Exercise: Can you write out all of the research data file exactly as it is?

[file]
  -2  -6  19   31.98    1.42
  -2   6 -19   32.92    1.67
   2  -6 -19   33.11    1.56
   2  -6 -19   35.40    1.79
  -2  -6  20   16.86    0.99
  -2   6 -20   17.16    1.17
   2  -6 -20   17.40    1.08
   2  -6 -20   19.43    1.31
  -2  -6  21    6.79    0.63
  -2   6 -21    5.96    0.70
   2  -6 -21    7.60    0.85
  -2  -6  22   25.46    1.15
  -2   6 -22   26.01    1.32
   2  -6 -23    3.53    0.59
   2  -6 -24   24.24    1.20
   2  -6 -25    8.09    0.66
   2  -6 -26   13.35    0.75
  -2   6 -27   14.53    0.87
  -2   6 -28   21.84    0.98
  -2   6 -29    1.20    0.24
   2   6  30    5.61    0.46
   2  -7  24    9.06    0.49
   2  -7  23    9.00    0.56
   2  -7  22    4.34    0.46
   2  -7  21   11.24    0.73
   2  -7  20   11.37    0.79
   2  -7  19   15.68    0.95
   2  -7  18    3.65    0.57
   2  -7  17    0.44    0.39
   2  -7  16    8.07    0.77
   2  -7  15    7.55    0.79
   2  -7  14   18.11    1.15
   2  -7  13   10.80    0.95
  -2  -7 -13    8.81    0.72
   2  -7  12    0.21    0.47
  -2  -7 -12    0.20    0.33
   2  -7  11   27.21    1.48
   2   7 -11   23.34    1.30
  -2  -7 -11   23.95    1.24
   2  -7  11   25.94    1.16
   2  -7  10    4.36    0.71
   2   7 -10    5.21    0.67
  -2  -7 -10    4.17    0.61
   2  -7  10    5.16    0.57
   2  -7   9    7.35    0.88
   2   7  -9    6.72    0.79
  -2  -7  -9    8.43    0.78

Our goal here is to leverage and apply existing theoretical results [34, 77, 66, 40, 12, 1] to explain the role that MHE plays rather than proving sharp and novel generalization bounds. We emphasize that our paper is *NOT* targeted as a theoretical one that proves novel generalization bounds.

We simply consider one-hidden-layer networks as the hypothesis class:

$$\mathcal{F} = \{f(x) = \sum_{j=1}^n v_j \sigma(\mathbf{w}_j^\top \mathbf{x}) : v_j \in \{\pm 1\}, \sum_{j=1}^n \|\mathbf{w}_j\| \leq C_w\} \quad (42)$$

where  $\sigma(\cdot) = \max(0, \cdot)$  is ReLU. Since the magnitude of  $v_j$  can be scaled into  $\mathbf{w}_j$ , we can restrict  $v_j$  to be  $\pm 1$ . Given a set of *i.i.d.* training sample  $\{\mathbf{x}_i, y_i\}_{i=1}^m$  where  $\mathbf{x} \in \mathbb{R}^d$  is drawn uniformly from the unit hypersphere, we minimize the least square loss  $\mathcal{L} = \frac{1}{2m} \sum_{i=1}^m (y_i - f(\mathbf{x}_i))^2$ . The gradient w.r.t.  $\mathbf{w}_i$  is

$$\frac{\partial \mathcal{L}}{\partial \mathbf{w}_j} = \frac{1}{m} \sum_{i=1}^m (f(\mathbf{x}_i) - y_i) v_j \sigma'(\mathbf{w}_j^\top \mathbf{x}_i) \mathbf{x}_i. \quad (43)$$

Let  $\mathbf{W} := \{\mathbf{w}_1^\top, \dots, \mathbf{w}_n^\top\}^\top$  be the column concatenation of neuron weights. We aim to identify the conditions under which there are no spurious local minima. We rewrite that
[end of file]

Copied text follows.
  -2  -6  19   31.98    1.42
  -2   6 -19   32.92    1.67
   2  -6 -19   33.11    1.56
   2  -6 -19   35.40    1.79
  -2  -6  20   16.86    0.99
  -2   6 -20   17.16    1.17
   2  -6 -20   17.40    1.08
   2  -6 -20   19.43    1.31
  -2  -6  21    6.79    0.63
  -2   6 -21    5.96    0.70
   2  -6 -21    7.60    0.85
  -2  -6  22   25.46    1.15
  -2   6 -22   26.01    1.32
   2  -6 -23    3.53    0.59
   2  -6 -24   24.24    1.20
   2  -6 -25    8.09    0.66
   2  -6 -26   13.35    0.75
  -2   6 -27   14.53    0.87
  -2   6 -28   21.84    0.98
  -2   6 -29    1.20    0.24
   2   6  30    5.61    0.46
   2  -7  24    9.06    0.49
   2  -7  23    9.00    0.56
   2  -7  22    4.34    0.46
   2  -7  21   11.24    0.73
   2  -7  20   11.37    0.79
   2  -7  19   15.68    0.95
   2  -7  18    3.65    0.57
   2  -7  17    0.44    0.39
   2  -7  16    8.07    0.77
   2  -7  15    7.55    0.79
   2  -7  14   18.11    1.15
   2  -7  13   10.80    0.95
  -2  -7 -13    8.81    0.72
   2  -7  12    0.21    0.47
  -2  -7 -12    0.20    0.33
   2  -7  11   27.21    1.48
   2   7 -11   23.34    1.30
  -2  -7 -11   23.95    1.24
   2  -7  11   25.94    1.16
   2  -7  10    4.36    0.71
   2   7 -10    5.21    0.67
  -2  -7 -10    4.17    0.61
   2  -7  10    5.16    0.57
   2  -7   9    7.35    0.88
   2   7  -9    6.72    0.79
  -2  -7  -9    8.43    0.78

Our goal here is to leverage and apply existing theoretical results [34, 77, 66, 40, 12, 1] to explain the role that MHE plays rather than proving sharp and novel generalization bounds. We emphasize that our paper is *NOT* targeted as a theoretical one that proves novel generalization bounds.

We simply consider one-hidden-layer networks as the hypothesis class:

$$\mathcal{F} = \{f(x) = \sum_{j=1}^n v_j \sigma(\mathbf{w}_j^\top \mathbf{x}) : v_j \in \{\pm 1\}, \sum_{j=1}^n \|\mathbf{w}_j\| \leq C_w\} \quad (42)$$

where  $\sigma(\cdot) = \max(0, \cdot)$  is ReLU. Since the magnitude of  $v_j$  can be scaled into  $\mathbf{w}_j$ , we can restrict  $v_j$  to be  $\pm 1$ . Given a set of *i.i.d.* training sample  $\{\mathbf{x}_i, y_i\}_{i=1}^m$  where  $\mathbf{x} \in \mathbb{R}^d$  is drawn uniformly from the unit hypersphere, we minimize the least square loss  $\mathcal{L} = \frac{1}{2m} \sum_{i=1}^m (y_i - f(\mathbf{x}_i))^2$ . The gradient w.r.t.  $\mathbf{w}_i$  is

$$\frac{\partial \mathcal{L}}{\partial \mathbf{w}_j} = \frac{1}{m} \sum_{i=1}^m (f(\mathbf{x}_i) - y_i) v_j \sigma'(\mathbf{w}_j^\top \mathbf{x}_i) \mathbf{x}_i. \quad (43)$$

Let  $\mathbf{W} := \{\mathbf{w}_1^\top, \dots, \mathbf{w}_n^\top\}^\top$  be the column concatenation of neuron weights. We aim to identify the conditions under which there are no spurious local minima. We rewrite that